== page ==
She’s not trying to elicit sympathy by being vulnerable; instead, she wants to dispel the myth that Hollywood actors live perfect, polished day-to-day lives. “Since we’re not together physically, the internet is our whole world right now,” so she believes it’s her responsibility to share her life as it is.
“I’m not precious with the fact that I don’t have anything together,” she said. “There’s dishes in my sink right now. I would be embarrassed to do a walk-through of my house.”
She doesn’t engage with comments, because she doesn’t consider it her “business” to know what people think of her. “I’ve had that promise to myself since the moment that I signed up for Instagram,” she said. “I’m such a mystery to me. How could I be known by anybody?”
On Larson’s desk is a French textbook and a copy of the Tao Te Ching, translated by her friend Stephen Mitchell. At any given time, she’s reading five to seven books, usually a mix of fiction, poetry and spirituality. She once told Ennis, who is also an actress, “you might go a year without work, but you can fill it with all this learning.”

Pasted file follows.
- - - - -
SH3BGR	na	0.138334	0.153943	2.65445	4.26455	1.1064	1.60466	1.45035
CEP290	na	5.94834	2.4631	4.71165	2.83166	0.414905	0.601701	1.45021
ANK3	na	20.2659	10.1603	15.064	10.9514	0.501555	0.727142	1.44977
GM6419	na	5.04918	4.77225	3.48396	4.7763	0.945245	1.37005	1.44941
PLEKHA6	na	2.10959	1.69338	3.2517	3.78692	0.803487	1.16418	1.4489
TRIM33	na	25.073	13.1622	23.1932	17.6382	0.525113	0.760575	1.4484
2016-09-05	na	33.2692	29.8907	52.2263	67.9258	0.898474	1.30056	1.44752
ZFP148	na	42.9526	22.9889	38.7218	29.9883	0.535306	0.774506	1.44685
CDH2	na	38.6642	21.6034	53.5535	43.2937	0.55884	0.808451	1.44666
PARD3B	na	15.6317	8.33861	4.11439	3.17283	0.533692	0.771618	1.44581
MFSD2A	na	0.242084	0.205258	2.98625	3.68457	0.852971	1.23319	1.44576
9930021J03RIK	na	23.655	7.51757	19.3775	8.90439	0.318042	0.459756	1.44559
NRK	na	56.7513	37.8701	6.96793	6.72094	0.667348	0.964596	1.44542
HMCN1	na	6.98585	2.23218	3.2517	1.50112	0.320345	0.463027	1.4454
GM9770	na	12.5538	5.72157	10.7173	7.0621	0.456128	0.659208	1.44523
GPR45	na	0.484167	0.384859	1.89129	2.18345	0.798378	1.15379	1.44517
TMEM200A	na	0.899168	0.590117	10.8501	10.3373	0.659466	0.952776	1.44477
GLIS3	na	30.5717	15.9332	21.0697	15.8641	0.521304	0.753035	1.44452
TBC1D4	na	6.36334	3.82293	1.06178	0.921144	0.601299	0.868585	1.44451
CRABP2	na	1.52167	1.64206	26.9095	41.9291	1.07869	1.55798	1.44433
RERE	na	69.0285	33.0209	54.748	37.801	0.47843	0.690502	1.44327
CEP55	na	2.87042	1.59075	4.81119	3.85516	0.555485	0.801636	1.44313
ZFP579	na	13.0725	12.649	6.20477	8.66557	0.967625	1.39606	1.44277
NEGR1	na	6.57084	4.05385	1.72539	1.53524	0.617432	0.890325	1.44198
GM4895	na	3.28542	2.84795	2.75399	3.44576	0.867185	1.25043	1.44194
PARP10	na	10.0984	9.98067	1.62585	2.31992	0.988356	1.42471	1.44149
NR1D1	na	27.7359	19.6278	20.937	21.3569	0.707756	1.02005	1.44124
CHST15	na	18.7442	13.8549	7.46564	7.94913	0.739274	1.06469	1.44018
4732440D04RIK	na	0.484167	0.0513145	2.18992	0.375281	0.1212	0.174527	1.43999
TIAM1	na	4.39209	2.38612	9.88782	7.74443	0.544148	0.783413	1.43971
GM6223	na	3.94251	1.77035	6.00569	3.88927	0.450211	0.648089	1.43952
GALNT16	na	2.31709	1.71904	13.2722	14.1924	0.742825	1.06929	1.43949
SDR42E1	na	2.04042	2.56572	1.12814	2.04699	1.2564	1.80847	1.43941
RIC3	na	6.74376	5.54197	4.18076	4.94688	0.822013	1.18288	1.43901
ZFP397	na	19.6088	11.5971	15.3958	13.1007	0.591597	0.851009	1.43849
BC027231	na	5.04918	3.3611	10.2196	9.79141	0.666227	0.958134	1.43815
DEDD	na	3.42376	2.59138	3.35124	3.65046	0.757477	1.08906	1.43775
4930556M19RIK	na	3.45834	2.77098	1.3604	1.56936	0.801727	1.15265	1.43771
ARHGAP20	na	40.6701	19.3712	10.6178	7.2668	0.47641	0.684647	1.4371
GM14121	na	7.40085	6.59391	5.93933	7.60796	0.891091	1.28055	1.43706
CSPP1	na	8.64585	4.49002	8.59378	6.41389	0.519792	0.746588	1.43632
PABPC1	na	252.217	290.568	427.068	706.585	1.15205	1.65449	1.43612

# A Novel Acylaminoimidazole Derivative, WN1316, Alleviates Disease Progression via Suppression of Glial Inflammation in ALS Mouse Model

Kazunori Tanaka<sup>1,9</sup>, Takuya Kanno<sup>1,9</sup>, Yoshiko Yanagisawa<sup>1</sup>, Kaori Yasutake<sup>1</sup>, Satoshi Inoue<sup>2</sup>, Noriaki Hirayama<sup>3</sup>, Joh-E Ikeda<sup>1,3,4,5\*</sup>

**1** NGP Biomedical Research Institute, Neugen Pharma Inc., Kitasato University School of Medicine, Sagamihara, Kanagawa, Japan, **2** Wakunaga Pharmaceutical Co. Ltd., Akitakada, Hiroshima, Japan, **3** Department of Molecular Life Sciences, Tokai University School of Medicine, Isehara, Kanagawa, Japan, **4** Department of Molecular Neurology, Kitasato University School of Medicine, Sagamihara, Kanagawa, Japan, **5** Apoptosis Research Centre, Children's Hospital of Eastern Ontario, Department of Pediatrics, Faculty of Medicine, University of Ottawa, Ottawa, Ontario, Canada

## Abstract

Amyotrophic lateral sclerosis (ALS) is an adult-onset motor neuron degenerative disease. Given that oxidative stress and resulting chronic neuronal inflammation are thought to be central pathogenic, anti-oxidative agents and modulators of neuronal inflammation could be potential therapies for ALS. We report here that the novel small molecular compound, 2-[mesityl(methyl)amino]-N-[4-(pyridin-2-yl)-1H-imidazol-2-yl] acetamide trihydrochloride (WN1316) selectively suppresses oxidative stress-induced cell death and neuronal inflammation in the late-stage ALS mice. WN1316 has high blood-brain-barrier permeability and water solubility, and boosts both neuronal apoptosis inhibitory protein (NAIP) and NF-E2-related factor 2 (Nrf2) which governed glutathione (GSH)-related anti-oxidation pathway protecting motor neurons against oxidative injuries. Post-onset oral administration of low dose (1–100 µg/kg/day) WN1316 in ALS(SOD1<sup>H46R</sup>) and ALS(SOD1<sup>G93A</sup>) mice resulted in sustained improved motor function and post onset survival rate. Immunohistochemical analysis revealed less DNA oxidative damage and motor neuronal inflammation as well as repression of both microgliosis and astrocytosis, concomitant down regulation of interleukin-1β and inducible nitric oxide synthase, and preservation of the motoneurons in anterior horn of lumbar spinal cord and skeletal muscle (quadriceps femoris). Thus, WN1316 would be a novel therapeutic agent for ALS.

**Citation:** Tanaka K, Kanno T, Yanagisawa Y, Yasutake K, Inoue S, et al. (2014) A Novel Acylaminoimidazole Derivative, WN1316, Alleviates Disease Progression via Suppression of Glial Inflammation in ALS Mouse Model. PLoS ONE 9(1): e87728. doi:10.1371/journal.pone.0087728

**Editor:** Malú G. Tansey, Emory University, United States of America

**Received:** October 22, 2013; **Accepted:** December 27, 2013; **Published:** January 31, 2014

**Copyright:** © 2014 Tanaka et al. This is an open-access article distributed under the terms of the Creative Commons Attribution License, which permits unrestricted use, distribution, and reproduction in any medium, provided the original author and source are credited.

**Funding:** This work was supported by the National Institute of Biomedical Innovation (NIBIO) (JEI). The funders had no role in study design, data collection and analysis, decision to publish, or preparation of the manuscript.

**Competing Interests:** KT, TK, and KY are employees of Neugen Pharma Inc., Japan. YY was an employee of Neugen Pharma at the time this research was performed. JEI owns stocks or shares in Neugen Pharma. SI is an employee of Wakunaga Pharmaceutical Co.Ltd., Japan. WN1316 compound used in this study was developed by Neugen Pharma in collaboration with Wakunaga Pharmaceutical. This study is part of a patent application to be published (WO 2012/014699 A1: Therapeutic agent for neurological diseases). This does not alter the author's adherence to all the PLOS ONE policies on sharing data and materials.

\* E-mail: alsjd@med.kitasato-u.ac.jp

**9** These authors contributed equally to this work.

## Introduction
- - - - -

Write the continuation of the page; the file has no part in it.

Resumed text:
This insatiable curiosity prompted the friends to start a podcast in March called Learning Lots, on which they invite guests like mountaineering filmmaker Jimmy Chin and Instagram poet Rupi Kaur to discuss big topics, like fear, truth and friendship.
Though the friends compare themselves to the emoji of sisters with linked arms, they spent most of 2020 apart; Ennis said watching Larson’s vlogs helped her feel connected.
“I was surprised to learn she doesn’t use any measuring cups when she’s baking,” Ennis said. “That gives me a full-blown rash.”
Larson plans to channel her YouTube baking experience into her next role, a scientist who hosts a 1960s cooking show in the upcoming Apple series Lessons in Chemistry, which she will also executive produce.
“I put myself in situations where I’m immersed in the subject and see what comes up,” she said, in terms of what her character, Elizabeth Zott, may be feeling.
She has no plans to quit vlogging, though: “The most rewarding part is, it hasn’t been that much of a big deal.”
Kate Dwyer c.2021 The New York Times Company